Guam didn't fare well against New Zealand, one of the top two teams in the region, in pool play Tuesday at the U17 Oceania FIBA Championships in New Caledonia.
The games were tough and hard-fought against taller, more physical opponents. Guam is competing in Group A in both divisions, which includes Australia, New Zealand and Samoa. The Aussies and Kiwis are the top two teams in the region.
Teams will be expecting to bring their best game to the hardwood as the FIBA U17 Oceania Championship is also the first step to qualifying in the 2021 FIBA U19 World Cup. The top two finishers will qualify for the 2020 FIBA U18 Asian Championship.
In the women's game, Team Guam doubled their offensive output but still struggled against the height and physicality of New Zealand, losing their second pool play game 110-18. Myka Terlaje led the Guam offense with 5 points, while Alana Salas added 3 points and three boards in the effort.
Their next game, today, will be played at 3 p.m. against Samoa, who lost to Australia 99-8. With the two powerhouses in the league, the smaller island nations historically have struggled to gain an advantage over the bigger countries who boast a more structured program with unlimited resources and funding for their training facilities and coaching staff.
In the men's game, Guam lost to New Zealand 104-19. Against Australia, Guam shot roughly 40% from the 3-point line. While they still got their shots, Team Guam struggled to find the rim, shooting 17% overall and roughly 15% for the long ball. They play Samoa at 5 p.m. today.
Facing the top two opponents in the tournament can be daunting, but Guam is looking forward and seeing positives in their game.
The Guam women are just focused on getting "better every day, that's all," said head coach Jimmy Yi. "We are very small in size."
According to Yi, the girls played better against New Zealand and he fully expects them to be competitive against Samoa.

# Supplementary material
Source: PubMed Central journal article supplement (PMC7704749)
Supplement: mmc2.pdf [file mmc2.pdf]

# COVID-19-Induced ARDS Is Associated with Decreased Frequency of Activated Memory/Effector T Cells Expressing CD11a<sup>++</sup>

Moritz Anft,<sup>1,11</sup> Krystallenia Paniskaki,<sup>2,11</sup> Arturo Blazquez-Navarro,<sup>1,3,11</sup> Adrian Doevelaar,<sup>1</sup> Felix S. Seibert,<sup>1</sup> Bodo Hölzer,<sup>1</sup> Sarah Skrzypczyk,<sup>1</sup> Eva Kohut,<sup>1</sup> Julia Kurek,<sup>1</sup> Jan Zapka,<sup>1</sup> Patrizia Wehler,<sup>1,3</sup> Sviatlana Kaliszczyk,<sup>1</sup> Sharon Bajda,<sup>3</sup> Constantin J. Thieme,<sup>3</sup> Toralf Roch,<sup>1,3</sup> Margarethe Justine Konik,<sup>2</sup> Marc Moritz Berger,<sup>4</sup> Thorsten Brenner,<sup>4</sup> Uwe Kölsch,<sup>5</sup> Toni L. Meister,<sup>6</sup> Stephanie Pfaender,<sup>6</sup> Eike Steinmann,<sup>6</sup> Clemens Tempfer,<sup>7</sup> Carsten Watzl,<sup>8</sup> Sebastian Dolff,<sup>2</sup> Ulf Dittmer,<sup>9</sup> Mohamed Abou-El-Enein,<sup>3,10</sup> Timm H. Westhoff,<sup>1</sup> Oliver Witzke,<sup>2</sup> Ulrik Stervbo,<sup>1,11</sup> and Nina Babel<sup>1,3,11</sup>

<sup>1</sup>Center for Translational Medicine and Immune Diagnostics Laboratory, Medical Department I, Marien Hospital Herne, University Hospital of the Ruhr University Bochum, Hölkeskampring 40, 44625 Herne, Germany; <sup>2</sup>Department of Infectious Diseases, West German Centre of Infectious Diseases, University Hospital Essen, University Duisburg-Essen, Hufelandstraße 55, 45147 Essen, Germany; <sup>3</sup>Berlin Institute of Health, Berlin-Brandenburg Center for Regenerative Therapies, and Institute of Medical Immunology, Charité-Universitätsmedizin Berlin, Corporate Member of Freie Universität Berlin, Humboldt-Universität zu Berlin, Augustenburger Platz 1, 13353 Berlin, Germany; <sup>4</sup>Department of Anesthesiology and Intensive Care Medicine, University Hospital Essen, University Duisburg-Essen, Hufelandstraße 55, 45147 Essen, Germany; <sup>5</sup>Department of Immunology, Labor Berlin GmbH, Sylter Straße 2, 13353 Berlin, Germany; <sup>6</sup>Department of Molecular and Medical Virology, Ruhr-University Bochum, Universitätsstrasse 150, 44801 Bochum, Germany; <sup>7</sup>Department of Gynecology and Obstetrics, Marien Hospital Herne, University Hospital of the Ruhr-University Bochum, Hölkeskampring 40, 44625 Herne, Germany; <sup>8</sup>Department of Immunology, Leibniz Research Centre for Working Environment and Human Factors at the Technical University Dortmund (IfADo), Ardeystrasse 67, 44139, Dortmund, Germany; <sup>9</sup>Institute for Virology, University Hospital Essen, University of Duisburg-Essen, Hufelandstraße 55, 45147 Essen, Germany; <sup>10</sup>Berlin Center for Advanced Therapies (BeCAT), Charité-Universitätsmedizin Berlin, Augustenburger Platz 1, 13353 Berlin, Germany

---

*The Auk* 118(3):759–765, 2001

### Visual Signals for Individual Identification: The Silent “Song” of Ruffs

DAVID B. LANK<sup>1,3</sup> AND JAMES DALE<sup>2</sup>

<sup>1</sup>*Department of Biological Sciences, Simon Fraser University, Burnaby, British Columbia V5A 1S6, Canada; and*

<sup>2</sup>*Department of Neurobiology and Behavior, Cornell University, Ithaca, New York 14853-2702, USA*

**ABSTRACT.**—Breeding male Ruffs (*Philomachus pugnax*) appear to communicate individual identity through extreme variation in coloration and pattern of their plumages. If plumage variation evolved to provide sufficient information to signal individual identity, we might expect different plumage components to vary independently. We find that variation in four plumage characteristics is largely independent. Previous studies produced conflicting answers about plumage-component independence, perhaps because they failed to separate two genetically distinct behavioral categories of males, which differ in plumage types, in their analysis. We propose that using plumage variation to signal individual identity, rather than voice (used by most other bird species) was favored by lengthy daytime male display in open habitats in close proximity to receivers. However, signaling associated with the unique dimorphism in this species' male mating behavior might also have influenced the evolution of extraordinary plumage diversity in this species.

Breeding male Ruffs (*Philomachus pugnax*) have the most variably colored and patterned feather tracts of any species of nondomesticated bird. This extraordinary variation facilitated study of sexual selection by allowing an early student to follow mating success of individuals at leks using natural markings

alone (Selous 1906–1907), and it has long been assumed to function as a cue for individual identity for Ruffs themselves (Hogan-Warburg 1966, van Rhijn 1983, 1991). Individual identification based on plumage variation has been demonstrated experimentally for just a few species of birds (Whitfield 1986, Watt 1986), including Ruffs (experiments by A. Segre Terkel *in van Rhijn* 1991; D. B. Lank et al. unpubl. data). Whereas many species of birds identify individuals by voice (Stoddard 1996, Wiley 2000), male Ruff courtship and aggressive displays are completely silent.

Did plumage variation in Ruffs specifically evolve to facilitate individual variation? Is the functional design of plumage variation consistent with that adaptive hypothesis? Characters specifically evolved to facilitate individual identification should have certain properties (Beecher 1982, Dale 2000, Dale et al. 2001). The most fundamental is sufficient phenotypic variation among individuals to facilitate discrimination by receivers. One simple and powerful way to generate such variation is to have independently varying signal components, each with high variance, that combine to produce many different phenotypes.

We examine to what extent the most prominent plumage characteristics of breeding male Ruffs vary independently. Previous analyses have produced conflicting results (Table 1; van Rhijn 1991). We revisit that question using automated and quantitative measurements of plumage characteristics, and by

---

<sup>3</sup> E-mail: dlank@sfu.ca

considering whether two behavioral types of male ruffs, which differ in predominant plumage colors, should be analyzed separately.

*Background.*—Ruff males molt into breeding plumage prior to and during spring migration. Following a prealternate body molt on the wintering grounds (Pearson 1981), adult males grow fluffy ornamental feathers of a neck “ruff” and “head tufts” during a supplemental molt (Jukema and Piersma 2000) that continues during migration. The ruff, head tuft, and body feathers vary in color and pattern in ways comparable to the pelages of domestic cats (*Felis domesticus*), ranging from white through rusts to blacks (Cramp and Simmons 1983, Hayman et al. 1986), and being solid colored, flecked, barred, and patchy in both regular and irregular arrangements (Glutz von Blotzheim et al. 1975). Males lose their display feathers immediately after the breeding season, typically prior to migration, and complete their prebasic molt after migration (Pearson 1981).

"We are certainly in a tough pool," said men's head coach Brent Tipton. "Opening up against the 10th-ranked team in the world was a great test to see how we match up."
According to Tipton, the Australians have seven Division I collegiate-bound players and one who will suit up for the National Basketball League.
Tipton said he is focused on elements of the game they can control, considering Australia and New Zealand outmatch them on size and athleticism.
"We wanted to measure a few things ... that wouldn't necessarily reflect on the scoreboard but would be small victories for our guys," Tipton said.
For the men's program, there is a bigger picture, Tipton said, emphasizing the tournament outcome is only one portion.
The immediate goal, Tipton added, is to peak on the fourth day when they play the lower-tiered countries.
"We are using the elite competition of playing Australia and New Zealand to help us prepare for this," he said. "We are going to get a lot better playing the best competition in the world, and we are thankful that we get this opportunity. ... Getting better with each game is always going to be our priority."
Another goal at this tournament is to educate the local athletes and open them up to opportunities of playing at the collegiate level, Tipton said.
"Guam Basketball Confederation's goal is to provide a pathway for our athletes to play collegiately," he said, adding that playing high-caliber opponents allows the team to assess where they are in terms of development and understand the work necessary to achieve at the next level.
"This is also a great opportunity for us coaches to evaluate what's needed in both our boys athleticism and skill acquisition to help conceptually prepare them to compete consistently at the highest level," Tipton said.
Good competition is key to raising the level of play.
The Guam men will focus on being more consistent and improving decision-making on the court, he said.
"The opportunity to play in the U17 FIBA Oceania Championships is one we are thankful for," Tipton said. "We will diligently work hard to rightly represent our island of Guam."